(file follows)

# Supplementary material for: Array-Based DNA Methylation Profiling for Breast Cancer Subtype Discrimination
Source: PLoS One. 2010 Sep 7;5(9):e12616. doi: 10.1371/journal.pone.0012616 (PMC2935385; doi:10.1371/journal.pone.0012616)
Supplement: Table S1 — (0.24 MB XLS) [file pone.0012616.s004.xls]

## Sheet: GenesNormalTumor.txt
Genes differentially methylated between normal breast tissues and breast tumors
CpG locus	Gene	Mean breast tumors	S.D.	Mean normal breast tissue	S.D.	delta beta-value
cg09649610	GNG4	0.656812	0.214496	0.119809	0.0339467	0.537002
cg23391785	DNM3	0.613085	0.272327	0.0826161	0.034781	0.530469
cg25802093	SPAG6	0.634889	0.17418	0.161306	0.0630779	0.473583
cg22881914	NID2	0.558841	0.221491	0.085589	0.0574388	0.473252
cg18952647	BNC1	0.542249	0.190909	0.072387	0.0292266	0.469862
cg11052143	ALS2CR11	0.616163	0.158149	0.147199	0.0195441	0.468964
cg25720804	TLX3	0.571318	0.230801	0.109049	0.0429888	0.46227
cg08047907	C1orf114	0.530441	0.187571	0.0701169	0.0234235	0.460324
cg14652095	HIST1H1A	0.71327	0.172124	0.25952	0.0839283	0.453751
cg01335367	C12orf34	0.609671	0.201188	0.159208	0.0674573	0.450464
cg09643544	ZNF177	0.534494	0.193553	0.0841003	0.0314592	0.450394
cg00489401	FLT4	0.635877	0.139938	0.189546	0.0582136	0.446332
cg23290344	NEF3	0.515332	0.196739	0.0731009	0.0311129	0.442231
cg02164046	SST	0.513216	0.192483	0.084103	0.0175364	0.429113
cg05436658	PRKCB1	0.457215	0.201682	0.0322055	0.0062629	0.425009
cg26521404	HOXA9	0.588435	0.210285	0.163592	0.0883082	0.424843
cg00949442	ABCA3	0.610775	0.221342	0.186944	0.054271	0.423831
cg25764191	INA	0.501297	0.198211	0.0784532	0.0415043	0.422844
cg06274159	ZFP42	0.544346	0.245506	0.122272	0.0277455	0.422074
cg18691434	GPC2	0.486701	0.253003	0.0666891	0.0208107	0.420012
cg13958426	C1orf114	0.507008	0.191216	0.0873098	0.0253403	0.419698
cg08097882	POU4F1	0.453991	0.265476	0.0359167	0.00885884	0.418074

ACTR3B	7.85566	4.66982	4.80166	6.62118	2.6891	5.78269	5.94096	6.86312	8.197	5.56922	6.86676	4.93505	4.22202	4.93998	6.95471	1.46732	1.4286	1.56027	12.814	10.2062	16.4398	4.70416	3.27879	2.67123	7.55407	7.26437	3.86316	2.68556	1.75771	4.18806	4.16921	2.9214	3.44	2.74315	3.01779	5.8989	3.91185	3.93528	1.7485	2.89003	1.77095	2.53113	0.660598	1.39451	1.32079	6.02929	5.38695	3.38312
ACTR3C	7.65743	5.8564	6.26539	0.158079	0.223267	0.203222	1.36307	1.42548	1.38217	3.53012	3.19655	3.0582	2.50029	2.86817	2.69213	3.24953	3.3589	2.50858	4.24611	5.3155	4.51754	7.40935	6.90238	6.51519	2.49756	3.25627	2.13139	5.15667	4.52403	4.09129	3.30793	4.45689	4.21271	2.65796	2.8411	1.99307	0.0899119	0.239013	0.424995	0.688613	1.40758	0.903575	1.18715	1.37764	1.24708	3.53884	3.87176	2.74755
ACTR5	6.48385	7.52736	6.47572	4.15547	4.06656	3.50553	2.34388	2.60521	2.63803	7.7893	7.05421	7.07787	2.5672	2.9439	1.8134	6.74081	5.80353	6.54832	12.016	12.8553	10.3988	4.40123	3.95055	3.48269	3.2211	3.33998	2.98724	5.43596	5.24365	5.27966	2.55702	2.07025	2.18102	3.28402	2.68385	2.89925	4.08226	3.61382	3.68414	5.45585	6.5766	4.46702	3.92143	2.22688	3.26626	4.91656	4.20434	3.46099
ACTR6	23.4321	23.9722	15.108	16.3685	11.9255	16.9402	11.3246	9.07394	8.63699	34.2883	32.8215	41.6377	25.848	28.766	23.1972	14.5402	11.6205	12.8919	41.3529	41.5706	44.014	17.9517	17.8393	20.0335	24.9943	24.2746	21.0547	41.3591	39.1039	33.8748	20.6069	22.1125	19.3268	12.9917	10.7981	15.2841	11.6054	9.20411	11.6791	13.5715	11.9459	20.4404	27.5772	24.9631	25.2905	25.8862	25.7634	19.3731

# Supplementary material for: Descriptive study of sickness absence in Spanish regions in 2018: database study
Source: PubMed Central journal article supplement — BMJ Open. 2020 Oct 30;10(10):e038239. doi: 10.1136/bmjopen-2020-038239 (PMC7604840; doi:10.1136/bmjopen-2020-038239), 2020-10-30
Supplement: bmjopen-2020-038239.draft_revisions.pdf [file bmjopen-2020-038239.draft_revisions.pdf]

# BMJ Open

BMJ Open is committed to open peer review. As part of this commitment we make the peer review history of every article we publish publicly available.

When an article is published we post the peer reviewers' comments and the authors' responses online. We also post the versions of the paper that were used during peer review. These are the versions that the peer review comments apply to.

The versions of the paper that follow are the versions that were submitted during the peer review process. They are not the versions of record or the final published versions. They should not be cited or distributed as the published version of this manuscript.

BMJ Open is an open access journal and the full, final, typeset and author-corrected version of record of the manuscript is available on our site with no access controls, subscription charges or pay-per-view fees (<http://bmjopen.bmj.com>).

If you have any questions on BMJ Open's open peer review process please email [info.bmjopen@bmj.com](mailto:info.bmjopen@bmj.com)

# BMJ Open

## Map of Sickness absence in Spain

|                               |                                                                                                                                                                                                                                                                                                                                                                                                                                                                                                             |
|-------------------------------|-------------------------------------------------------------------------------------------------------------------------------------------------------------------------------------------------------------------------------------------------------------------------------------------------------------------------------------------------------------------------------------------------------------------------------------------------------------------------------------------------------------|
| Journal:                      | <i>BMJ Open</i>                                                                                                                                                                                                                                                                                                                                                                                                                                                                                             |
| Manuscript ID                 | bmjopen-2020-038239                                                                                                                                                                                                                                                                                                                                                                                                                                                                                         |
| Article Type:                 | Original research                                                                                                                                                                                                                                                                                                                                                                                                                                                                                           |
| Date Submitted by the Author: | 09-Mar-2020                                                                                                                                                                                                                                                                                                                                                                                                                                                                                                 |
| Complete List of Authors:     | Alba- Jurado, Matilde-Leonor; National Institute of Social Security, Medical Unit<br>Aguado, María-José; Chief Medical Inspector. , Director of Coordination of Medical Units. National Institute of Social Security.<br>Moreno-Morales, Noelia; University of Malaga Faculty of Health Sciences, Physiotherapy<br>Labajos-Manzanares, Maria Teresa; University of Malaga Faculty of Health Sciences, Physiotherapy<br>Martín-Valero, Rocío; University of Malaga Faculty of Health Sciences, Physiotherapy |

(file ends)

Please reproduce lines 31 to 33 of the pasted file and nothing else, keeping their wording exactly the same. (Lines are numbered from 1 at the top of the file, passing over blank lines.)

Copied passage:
ACTR5	6.48385	7.52736	6.47572	4.15547	4.06656	3.50553	2.34388	2.60521	2.63803	7.7893	7.05421	7.07787	2.5672	2.9439	1.8134	6.74081	5.80353	6.54832	12.016	12.8553	10.3988	4.40123	3.95055	3.48269	3.2211	3.33998	2.98724	5.43596	5.24365	5.27966	2.55702	2.07025	2.18102	3.28402	2.68385	2.89925	4.08226	3.61382	3.68414	5.45585	6.5766	4.46702	3.92143	2.22688	3.26626	4.91656	4.20434	3.46099
ACTR6	23.4321	23.9722	15.108	16.3685	11.9255	16.9402	11.3246	9.07394	8.63699	34.2883	32.8215	41.6377	25.848	28.766	23.1972	14.5402	11.6205	12.8919	41.3529	41.5706	44.014	17.9517	17.8393	20.0335	24.9943	24.2746	21.0547	41.3591	39.1039	33.8748	20.6069	22.1125	19.3268	12.9917	10.7981	15.2841	11.6054	9.20411	11.6791	13.5715	11.9459	20.4404	27.5772	24.9631	25.2905	25.8862	25.7634	19.3731

# Supplementary material for: Descriptive study of sickness absence in Spanish regions in 2018: database study